Q:

Why do I cough when I eat?

A:

Quick Answer

Coughing during and after eating may be a result of a serious condition called dysphagia, which causes a person to have trouble properly swallowing and digesting food. Dysphagia can result in numerous symptoms, coughing while eating being just one. This is a complex condition that tends to occur in older people who struggle with dry mouth, notes About.com.

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MedlinePlus identifies symptoms of dysphagia as choking, struggling to chew, food sticking in the throat, chest pain, heartburn, sour taste and nausea. A person may not experience all of these symptoms; however, it is important to see a doctor about this condition if coughing is persistent.

Elderly people displaying these symptoms are especially vulnerable. According to an article by Maura Keller on Today's Geriatric Medicine, older people are at risk of experiencing aspiration. This happens when food or liquid leaks into the lungs. Swallowing difficulties can also lead to malnutrition.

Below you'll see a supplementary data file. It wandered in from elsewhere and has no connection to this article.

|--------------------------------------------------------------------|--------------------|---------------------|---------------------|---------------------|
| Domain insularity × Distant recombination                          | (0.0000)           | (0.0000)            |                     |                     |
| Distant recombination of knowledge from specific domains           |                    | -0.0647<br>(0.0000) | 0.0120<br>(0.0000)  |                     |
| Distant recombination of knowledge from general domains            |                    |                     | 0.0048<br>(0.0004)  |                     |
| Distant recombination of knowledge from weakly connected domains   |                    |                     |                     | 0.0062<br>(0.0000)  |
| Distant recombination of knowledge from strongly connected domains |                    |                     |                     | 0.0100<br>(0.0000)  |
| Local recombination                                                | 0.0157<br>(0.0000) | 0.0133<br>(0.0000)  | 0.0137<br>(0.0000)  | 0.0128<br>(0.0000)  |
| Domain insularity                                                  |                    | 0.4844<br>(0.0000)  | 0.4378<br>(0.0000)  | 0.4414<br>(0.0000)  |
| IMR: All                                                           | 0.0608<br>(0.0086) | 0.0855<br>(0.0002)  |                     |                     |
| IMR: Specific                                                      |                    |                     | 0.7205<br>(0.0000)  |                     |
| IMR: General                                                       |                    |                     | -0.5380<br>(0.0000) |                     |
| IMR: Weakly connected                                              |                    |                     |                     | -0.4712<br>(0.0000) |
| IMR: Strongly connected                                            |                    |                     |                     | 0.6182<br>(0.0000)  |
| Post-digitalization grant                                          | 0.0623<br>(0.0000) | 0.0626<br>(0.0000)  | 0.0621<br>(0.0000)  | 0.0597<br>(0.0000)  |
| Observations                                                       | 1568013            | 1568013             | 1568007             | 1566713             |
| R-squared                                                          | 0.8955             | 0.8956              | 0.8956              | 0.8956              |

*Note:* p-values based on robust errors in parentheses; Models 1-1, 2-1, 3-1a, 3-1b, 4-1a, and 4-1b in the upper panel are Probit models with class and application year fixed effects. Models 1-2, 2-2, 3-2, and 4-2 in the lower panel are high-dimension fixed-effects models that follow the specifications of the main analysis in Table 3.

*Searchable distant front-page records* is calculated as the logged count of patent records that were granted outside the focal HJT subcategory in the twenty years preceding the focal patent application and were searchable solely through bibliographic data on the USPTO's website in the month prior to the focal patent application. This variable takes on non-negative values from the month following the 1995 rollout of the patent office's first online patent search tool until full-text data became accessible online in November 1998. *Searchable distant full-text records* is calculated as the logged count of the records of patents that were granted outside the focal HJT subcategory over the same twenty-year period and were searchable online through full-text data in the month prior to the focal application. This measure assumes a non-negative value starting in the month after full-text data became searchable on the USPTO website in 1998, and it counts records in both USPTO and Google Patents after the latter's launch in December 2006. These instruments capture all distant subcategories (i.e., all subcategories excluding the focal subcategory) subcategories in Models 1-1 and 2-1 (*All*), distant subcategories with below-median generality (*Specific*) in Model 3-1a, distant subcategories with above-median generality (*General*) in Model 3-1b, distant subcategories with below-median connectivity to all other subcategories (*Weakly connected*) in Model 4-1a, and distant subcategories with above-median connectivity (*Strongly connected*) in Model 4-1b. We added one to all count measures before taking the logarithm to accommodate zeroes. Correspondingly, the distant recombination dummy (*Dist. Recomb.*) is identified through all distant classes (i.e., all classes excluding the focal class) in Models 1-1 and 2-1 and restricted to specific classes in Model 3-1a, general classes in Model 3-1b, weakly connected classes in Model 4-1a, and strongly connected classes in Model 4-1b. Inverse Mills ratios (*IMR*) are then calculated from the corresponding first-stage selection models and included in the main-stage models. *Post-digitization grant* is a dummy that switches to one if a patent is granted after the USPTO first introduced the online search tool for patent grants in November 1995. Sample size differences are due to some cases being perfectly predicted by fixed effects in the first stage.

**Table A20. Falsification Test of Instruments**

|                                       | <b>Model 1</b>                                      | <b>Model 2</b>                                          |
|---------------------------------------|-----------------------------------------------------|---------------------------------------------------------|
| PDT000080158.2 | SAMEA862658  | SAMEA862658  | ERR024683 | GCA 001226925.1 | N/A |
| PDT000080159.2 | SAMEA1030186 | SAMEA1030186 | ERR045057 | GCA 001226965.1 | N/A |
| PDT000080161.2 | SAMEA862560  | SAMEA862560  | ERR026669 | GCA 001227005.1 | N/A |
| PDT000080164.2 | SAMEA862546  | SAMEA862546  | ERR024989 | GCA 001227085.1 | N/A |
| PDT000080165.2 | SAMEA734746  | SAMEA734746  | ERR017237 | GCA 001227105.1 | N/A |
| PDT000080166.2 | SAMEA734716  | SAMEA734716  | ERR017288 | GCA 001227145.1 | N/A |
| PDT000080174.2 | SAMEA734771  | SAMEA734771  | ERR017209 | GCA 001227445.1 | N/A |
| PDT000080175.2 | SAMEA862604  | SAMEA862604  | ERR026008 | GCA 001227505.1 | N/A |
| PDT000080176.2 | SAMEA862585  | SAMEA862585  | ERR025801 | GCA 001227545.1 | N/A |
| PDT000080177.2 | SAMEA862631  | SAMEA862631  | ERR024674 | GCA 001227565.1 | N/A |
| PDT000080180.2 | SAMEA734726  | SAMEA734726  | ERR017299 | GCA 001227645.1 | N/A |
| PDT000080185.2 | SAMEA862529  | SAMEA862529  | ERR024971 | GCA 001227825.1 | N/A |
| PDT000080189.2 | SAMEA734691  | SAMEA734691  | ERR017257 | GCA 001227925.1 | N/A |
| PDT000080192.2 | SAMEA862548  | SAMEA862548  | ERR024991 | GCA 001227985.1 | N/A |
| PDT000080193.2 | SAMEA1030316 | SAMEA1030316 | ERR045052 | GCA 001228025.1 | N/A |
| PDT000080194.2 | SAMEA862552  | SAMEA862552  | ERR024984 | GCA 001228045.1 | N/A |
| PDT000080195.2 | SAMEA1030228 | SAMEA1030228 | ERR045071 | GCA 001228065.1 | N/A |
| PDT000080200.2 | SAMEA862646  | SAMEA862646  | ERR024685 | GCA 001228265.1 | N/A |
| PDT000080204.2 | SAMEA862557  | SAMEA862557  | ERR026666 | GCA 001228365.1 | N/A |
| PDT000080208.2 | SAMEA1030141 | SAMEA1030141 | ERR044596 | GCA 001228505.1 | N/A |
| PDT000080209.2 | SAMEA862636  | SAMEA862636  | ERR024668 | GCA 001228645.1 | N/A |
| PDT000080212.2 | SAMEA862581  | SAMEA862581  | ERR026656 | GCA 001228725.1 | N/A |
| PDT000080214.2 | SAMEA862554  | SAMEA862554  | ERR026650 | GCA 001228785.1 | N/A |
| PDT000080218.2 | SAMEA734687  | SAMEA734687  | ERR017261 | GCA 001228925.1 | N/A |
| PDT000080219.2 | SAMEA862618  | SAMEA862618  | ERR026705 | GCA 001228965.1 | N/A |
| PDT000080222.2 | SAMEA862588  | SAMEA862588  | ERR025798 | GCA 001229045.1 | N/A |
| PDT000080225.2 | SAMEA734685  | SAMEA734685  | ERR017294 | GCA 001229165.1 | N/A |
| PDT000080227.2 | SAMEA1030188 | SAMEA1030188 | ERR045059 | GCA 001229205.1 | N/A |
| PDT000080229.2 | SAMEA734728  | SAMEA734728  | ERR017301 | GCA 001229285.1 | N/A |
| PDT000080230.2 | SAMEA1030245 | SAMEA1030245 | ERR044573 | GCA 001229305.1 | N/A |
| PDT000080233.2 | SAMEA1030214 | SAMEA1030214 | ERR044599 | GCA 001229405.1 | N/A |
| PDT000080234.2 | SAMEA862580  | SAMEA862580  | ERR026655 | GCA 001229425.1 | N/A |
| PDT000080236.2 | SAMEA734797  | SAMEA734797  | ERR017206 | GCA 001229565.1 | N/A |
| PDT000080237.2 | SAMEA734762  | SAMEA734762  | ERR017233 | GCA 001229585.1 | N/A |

Multiple sclerosis is another serious disorder that has a direct link to dysphagia symptoms. Swallowing involves coordination between the nerves, muscles and brain. All of these areas are negatively impacted by MS. Symptoms related to dysphagia can come and go, according to Dr. Julie Stachowiak. If dysphagia is not the problem, the coughing may be caused by asthma, postnasal drip or gastrointestinal problems.

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